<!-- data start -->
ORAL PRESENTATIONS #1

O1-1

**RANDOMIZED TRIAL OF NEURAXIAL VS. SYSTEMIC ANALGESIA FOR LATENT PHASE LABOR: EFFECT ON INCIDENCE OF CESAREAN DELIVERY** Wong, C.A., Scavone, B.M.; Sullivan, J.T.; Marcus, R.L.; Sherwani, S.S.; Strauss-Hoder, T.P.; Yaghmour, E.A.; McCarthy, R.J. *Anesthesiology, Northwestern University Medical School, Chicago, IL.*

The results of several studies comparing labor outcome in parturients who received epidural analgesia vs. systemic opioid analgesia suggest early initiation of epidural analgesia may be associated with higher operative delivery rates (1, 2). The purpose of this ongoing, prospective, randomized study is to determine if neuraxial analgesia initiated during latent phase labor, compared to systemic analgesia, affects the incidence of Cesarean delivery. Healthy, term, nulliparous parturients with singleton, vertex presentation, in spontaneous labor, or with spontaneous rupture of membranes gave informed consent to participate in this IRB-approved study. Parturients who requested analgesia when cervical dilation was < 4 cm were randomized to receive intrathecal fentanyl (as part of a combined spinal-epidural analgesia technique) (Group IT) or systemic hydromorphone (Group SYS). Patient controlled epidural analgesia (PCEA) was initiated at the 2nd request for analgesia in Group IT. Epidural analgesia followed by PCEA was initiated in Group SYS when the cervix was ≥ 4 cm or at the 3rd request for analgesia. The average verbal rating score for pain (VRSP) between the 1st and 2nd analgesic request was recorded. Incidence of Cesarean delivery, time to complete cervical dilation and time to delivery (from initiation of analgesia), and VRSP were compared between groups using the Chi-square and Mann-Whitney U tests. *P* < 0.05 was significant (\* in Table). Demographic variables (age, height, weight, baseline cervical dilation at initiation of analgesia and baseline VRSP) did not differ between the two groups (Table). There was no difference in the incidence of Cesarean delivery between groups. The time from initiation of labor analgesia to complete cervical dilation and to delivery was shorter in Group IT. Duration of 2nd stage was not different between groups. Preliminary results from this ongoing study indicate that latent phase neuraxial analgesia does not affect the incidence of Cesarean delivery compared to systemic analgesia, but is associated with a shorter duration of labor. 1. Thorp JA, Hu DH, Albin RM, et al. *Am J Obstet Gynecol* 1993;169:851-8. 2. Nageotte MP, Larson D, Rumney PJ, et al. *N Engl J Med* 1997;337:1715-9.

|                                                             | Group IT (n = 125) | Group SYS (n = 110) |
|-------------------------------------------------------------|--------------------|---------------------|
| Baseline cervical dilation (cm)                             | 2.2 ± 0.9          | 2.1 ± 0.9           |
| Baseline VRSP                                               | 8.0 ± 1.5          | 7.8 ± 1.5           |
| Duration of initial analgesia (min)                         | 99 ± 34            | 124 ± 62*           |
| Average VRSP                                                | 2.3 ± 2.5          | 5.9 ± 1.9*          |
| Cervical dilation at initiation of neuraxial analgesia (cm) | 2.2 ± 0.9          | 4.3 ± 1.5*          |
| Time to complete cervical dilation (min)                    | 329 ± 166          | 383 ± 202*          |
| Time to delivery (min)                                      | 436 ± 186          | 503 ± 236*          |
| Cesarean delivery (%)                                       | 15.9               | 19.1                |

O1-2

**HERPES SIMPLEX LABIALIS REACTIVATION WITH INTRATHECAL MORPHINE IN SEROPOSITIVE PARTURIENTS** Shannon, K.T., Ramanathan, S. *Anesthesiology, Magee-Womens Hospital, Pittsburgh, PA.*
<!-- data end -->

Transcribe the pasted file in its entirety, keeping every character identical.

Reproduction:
ORAL PRESENTATIONS #1

O1-1

**RANDOMIZED TRIAL OF NEURAXIAL VS. SYSTEMIC ANALGESIA FOR LATENT PHASE LABOR: EFFECT ON INCIDENCE OF CESAREAN DELIVERY** Wong, C.A., Scavone, B.M.; Sullivan, J.T.; Marcus, R.L.; Sherwani, S.S.; Strauss-Hoder, T.P.; Yaghmour, E.A.; McCarthy, R.J. *Anesthesiology, Northwestern University Medical School, Chicago, IL.*

The results of several studies comparing labor outcome in parturients who received epidural analgesia vs. systemic opioid analgesia suggest early initiation of epidural analgesia may be associated with higher operative delivery rates (1, 2). The purpose of this ongoing, prospective, randomized study is to determine if neuraxial analgesia initiated during latent phase labor, compared to systemic analgesia, affects the incidence of Cesarean delivery. Healthy, term, nulliparous parturients with singleton, vertex presentation, in spontaneous labor, or with spontaneous rupture of membranes gave informed consent to participate in this IRB-approved study. Parturients who requested analgesia when cervical dilation was < 4 cm were randomized to receive intrathecal fentanyl (as part of a combined spinal-epidural analgesia technique) (Group IT) or systemic hydromorphone (Group SYS). Patient controlled epidural analgesia (PCEA) was initiated at the 2nd request for analgesia in Group IT. Epidural analgesia followed by PCEA was initiated in Group SYS when the cervix was ≥ 4 cm or at the 3rd request for analgesia. The average verbal rating score for pain (VRSP) between the 1st and 2nd analgesic request was recorded. Incidence of Cesarean delivery, time to complete cervical dilation and time to delivery (from initiation of analgesia), and VRSP were compared between groups using the Chi-square and Mann-Whitney U tests. *P* < 0.05 was significant (\* in Table). Demographic variables (age, height, weight, baseline cervical dilation at initiation of analgesia and baseline VRSP) did not differ between the two groups (Table). There was no difference in the incidence of Cesarean delivery between groups. The time from initiation of labor analgesia to complete cervical dilation and to delivery was shorter in Group IT. Duration of 2nd stage was not different between groups. Preliminary results from this ongoing study indicate that latent phase neuraxial analgesia does not affect the incidence of Cesarean delivery compared to systemic analgesia, but is associated with a shorter duration of labor. 1. Thorp JA, Hu DH, Albin RM, et al. *Am J Obstet Gynecol* 1993;169:851-8. 2. Nageotte MP, Larson D, Rumney PJ, et al. *N Engl J Med* 1997;337:1715-9.

|                                                             | Group IT (n = 125) | Group SYS (n = 110) |
|-------------------------------------------------------------|--------------------|---------------------|
| Baseline cervical dilation (cm)                             | 2.2 ± 0.9          | 2.1 ± 0.9           |
| Baseline VRSP                                               | 8.0 ± 1.5          | 7.8 ± 1.5           |
| Duration of initial analgesia (min)                         | 99 ± 34            | 124 ± 62*           |
| Average VRSP                                                | 2.3 ± 2.5          | 5.9 ± 1.9*          |
| Cervical dilation at initiation of neuraxial analgesia (cm) | 2.2 ± 0.9          | 4.3 ± 1.5*          |
| Time to complete cervical dilation (min)                    | 329 ± 166          | 383 ± 202*          |
| Time to delivery (min)                                      | 436 ± 186          | 503 ± 236*          |
| Cesarean delivery (%)                                       | 15.9               | 19.1                |

O1-2

**HERPES SIMPLEX LABIALIS REACTIVATION WITH INTRATHECAL MORPHINE IN SEROPOSITIVE PARTURIENTS** Shannon, K.T., Ramanathan, S. *Anesthesiology, Magee-Womens Hospital, Pittsburgh, PA.*